Port authorities pursue economic & non-economic objectives

Port authorities pursue economic & non-economic objectives

Type of organisation

When asked how they would best describe themselves, the vast majority of port authorities answer that they see themselves as mission-driven entities where cost recovery and profit are a must. Additionally, some port authorities classify themselves as non-economic public bodies, run with general interest objectives. A third and last group of port authorities consider themselves as profit-maximising companies.

Goals of the port authority

Port authorities pursue a mixture of economic and non-economic objectives. On the one hand, the top-3 economic objectives stated are:

  1. Financial sustainability of the port
  2. Maximisation of added value
  3. Maximisation of port throughput

Corporate-like objectives, such as profit maximisation for the port authority or for its shareholders aren’t pursued by many ports and only a few port authorities seem to have strictly economic objectives.

On the other hand, port authorities pursue several objectives that contribute to the general interest of society:

  • Facilitating trade and business. Ensuring that companies using the port to receive imports or ship exports remain highly competitive is one of the most important objectives of freight ports.
  • Ensuring that port activity is sustainable in the long run. Consequently, the balance between the economic, social and environmental effects of the port activities is important for port authorities.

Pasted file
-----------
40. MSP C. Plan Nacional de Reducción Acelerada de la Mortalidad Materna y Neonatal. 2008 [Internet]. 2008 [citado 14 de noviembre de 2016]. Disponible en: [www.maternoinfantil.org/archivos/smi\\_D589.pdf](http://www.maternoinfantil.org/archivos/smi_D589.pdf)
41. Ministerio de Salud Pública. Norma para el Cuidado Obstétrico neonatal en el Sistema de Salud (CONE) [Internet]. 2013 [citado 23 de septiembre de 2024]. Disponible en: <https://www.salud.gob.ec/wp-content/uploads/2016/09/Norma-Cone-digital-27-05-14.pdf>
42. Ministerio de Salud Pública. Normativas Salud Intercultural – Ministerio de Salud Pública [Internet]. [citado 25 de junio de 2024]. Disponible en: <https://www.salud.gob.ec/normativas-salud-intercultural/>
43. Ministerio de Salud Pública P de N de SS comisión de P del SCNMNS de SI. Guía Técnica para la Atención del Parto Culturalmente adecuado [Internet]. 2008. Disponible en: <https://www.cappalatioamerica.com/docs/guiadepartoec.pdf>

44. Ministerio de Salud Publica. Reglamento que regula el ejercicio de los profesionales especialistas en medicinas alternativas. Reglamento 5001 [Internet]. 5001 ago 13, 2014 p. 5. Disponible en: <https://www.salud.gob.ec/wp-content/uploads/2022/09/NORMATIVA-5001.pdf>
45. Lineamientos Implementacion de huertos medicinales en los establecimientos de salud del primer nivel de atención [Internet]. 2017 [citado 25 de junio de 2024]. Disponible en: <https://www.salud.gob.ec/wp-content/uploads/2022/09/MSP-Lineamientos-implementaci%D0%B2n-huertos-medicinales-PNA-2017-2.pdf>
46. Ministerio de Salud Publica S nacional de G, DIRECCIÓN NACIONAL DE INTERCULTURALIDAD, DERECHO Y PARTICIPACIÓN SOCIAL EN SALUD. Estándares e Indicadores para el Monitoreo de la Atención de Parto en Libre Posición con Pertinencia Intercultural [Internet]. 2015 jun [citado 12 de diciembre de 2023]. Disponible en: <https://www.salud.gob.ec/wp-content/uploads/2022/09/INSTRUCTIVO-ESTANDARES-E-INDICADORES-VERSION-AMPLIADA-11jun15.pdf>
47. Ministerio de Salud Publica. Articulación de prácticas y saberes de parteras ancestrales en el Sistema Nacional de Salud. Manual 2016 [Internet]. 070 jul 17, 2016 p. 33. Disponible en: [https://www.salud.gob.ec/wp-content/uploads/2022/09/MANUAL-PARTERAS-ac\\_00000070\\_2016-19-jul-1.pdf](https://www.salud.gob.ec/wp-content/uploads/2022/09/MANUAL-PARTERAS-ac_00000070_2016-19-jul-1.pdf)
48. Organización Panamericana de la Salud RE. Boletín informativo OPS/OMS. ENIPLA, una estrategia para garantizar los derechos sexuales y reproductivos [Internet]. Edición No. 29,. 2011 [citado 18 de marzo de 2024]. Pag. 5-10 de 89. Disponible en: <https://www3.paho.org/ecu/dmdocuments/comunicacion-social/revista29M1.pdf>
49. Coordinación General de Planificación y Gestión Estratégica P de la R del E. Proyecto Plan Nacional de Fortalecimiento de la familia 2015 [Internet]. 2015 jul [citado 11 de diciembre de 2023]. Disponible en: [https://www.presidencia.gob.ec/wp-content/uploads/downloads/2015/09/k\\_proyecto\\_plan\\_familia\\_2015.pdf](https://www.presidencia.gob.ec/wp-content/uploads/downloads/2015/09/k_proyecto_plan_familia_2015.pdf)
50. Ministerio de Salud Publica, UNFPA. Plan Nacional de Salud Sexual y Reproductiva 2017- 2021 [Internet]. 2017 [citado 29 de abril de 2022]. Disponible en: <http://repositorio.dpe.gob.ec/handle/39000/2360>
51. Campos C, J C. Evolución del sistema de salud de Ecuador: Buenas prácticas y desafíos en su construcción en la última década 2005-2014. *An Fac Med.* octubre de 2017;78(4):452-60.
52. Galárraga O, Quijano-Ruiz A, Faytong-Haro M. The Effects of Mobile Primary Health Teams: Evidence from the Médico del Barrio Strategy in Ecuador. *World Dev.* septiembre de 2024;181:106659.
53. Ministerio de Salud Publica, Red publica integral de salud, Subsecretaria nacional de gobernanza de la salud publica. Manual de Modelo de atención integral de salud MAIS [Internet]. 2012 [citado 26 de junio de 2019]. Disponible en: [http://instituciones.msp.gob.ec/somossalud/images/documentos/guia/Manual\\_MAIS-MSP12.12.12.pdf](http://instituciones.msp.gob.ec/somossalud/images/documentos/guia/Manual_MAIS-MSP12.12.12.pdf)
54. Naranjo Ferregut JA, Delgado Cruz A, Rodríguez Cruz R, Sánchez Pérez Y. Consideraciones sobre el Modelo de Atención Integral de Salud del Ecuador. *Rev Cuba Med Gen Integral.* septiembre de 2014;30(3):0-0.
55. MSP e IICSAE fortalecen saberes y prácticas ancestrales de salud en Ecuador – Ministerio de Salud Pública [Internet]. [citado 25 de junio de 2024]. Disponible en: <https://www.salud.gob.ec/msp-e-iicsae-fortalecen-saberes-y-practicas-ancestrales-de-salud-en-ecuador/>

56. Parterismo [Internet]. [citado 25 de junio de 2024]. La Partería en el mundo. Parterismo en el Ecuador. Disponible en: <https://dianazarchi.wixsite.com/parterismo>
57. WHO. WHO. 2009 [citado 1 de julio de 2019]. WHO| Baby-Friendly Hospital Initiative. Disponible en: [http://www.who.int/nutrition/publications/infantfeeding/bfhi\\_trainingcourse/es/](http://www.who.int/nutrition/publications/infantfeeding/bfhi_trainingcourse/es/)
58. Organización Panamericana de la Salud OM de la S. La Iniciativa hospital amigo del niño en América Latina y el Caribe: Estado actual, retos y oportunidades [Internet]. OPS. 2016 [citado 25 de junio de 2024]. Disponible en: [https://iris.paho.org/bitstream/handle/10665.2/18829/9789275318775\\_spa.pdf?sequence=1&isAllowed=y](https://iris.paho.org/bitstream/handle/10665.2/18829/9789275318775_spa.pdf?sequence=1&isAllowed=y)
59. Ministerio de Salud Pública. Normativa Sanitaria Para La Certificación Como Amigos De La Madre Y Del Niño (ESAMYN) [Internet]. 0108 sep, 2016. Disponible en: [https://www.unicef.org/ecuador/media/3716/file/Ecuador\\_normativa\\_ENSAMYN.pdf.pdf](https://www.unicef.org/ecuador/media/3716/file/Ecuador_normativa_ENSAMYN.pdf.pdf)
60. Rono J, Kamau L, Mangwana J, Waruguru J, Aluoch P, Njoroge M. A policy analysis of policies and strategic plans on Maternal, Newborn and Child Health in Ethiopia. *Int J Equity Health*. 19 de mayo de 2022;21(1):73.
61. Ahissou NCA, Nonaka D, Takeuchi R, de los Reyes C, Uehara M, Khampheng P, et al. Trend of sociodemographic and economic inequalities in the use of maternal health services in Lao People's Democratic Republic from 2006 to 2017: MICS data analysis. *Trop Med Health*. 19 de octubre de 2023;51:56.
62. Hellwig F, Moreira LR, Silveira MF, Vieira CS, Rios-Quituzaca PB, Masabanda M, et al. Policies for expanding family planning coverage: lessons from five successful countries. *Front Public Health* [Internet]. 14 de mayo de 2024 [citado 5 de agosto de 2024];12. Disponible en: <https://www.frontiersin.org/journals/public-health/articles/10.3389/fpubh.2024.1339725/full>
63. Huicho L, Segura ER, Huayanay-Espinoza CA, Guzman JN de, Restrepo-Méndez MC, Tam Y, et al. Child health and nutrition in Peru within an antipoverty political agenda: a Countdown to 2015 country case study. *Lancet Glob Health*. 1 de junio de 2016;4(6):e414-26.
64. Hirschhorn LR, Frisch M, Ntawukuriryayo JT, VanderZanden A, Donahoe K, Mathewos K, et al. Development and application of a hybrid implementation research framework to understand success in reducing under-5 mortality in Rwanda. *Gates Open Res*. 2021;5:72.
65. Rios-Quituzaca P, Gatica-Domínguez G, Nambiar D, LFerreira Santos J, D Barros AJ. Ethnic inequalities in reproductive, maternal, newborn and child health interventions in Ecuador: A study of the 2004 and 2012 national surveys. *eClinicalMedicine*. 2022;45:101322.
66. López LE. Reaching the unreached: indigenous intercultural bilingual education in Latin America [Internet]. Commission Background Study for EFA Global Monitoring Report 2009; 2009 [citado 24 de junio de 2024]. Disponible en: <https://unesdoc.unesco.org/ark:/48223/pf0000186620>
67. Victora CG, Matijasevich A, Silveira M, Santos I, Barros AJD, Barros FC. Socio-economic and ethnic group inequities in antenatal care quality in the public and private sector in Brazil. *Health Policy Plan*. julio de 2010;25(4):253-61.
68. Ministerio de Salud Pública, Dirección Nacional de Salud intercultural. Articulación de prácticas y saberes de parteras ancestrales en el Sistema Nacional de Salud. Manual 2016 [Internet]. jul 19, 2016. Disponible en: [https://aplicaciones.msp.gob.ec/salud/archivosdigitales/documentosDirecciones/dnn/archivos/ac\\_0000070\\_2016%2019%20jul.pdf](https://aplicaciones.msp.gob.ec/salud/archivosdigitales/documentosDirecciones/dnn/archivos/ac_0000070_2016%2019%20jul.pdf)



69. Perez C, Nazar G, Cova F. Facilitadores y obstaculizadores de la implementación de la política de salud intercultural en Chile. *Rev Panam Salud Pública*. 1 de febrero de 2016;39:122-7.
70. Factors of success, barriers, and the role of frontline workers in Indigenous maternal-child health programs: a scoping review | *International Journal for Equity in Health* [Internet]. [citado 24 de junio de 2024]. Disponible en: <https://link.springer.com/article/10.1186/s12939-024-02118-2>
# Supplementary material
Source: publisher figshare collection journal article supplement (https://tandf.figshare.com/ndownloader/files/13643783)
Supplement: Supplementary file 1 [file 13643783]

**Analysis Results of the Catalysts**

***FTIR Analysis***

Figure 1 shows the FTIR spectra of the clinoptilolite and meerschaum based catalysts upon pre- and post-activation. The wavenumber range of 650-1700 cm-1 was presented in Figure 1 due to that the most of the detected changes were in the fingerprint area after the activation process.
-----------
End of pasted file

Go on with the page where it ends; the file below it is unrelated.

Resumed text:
• Social and economic growth of the region. Port authorities play a key role in the stimulation of growth of the regional economy. Their contribution can be measured in terms of added value, wages, local and national taxes paid, jobs, etc.
  • Developing maritime and hinterland connectivity. It’s important for ports to link goods to consumers and companies in the hinterland to global markets.

Background: Trends in EU Ports Governance

The sixth edition of the ESPO Fact-Finding Report ‘Trends in EU Ports Governance 2016’ was published in June 2016. The aim of the report is to monitor port governance and organisation in Europe and its evolution over time. It is based on a web-based survey that was sent directly to individual port authorities. 86 port authorities from 19 EU Member States, Norway and Iceland completed the questionnaire. Together, they represent more than 200 ports and more than 57% of the overall volume of cargo handled in the European Union.

Governance in the future PORTOPIA platform

The PORTOPIA platform will bring an important value added for ports in terms of governance models. In fact, some of the fields of the ESPO Fact-Finding Report are going to be transferred to the PORTOPIA platform, allowing ports to compare geographical ranges, EU averages and evolutions over time in terms of governance model across Europe.

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